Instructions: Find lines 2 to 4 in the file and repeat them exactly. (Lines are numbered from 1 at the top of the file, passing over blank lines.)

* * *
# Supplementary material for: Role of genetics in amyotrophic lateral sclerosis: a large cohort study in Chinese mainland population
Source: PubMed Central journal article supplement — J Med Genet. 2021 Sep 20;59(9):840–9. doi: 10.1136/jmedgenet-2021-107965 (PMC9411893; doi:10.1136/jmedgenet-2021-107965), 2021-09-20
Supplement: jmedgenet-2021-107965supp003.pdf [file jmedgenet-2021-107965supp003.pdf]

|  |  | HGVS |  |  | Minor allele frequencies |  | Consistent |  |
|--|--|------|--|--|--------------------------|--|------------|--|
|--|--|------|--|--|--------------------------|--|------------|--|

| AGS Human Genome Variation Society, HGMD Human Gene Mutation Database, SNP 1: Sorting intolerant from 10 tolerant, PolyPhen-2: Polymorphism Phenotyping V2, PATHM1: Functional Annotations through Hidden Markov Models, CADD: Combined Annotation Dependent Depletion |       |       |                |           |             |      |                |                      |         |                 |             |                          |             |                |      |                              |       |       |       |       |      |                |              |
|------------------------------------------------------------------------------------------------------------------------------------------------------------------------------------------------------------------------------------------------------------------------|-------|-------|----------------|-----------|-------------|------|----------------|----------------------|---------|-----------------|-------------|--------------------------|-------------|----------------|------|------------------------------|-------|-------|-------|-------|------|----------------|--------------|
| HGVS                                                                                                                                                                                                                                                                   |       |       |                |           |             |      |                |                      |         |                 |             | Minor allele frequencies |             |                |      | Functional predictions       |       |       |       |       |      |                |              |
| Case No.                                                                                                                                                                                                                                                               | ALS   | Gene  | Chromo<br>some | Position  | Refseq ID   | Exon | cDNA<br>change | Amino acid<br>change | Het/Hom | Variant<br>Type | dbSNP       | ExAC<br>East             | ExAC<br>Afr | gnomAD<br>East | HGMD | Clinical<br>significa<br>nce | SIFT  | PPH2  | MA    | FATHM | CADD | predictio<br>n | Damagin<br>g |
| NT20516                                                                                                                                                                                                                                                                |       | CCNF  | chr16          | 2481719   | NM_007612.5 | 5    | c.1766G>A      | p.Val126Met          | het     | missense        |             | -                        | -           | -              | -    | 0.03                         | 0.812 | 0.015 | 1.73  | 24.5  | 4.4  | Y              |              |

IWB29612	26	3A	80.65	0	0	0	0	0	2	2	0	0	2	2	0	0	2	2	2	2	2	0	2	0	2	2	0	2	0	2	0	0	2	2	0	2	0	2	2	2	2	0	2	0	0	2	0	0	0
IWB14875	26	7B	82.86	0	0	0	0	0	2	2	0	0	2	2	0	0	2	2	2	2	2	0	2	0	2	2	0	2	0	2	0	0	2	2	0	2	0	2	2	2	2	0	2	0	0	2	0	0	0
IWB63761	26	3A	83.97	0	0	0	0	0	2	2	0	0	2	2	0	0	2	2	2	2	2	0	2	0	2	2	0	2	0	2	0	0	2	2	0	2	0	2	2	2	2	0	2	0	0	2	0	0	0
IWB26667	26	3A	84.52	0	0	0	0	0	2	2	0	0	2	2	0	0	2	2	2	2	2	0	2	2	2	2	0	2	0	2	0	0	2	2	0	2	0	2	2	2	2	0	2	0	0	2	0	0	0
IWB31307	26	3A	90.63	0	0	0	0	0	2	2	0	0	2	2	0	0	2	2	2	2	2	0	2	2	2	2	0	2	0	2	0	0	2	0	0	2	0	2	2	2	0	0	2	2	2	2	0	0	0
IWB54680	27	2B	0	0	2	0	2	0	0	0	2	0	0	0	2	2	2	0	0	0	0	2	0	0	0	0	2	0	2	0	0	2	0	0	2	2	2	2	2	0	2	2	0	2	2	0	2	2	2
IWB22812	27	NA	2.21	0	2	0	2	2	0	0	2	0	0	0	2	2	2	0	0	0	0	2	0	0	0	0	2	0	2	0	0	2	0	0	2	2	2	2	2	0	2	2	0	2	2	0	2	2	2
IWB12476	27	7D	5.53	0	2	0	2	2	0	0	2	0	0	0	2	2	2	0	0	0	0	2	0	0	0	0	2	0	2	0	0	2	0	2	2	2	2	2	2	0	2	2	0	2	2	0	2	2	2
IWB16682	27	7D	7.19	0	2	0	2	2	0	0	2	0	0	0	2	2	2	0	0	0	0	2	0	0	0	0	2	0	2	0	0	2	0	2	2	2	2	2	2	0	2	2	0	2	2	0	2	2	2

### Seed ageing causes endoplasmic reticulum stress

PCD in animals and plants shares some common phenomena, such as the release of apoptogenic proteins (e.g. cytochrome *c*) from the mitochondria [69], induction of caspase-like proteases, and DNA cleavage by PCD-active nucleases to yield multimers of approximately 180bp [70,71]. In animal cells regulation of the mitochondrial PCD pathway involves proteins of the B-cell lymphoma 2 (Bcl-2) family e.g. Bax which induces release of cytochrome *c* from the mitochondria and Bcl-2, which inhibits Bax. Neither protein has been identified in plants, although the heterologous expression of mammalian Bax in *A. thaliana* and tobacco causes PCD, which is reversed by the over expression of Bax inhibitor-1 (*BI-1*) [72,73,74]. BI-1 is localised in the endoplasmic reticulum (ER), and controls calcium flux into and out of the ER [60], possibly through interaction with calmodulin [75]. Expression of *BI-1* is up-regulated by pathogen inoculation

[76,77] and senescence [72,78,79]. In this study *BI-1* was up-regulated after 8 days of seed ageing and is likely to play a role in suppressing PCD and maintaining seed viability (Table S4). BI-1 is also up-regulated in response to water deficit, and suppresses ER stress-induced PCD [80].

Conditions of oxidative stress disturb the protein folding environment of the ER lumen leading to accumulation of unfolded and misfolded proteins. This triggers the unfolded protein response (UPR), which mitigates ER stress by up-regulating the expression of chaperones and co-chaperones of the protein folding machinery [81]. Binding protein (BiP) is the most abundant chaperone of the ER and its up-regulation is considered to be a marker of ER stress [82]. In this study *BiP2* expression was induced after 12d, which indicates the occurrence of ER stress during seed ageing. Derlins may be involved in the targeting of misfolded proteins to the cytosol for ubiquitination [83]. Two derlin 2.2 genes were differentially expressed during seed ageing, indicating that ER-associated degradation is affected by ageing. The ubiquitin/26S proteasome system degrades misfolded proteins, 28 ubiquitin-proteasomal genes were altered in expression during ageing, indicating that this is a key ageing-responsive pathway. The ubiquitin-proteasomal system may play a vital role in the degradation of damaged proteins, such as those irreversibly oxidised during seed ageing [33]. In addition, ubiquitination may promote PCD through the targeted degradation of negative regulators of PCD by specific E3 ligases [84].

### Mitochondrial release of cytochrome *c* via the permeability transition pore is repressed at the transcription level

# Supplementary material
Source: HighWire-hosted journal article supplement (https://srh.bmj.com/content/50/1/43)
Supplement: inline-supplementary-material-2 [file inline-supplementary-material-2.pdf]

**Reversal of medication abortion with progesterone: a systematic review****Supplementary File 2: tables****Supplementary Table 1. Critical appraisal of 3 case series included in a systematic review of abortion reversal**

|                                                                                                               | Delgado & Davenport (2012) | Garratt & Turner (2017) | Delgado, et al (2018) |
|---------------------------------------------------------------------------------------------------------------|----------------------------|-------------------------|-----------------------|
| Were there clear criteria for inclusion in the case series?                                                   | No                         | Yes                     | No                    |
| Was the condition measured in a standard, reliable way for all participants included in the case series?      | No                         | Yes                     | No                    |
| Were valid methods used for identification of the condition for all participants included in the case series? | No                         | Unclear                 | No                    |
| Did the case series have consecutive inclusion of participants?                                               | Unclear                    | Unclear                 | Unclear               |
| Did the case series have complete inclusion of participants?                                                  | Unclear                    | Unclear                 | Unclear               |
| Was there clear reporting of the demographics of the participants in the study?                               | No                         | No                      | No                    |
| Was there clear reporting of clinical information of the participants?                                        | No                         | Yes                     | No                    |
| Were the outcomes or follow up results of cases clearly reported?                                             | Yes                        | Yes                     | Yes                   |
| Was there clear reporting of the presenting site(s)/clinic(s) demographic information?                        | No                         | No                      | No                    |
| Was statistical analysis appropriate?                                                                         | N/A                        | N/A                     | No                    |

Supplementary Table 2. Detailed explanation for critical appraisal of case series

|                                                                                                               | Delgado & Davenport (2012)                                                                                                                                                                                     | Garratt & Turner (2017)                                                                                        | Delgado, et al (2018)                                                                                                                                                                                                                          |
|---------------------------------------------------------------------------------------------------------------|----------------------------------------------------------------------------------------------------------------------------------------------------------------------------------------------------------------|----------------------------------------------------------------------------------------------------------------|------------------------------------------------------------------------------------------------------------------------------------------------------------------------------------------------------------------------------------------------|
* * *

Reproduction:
Source: PubMed Central journal article supplement — J Med Genet. 2021 Sep 20;59(9):840–9. doi: 10.1136/jmedgenet-2021-107965 (PMC9411893; doi:10.1136/jmedgenet-2021-107965), 2021-09-20
Supplement: jmedgenet-2021-107965supp003.pdf [file jmedgenet-2021-107965supp003.pdf]

|  |  | HGVS |  |  | Minor allele frequencies |  | Consistent |  |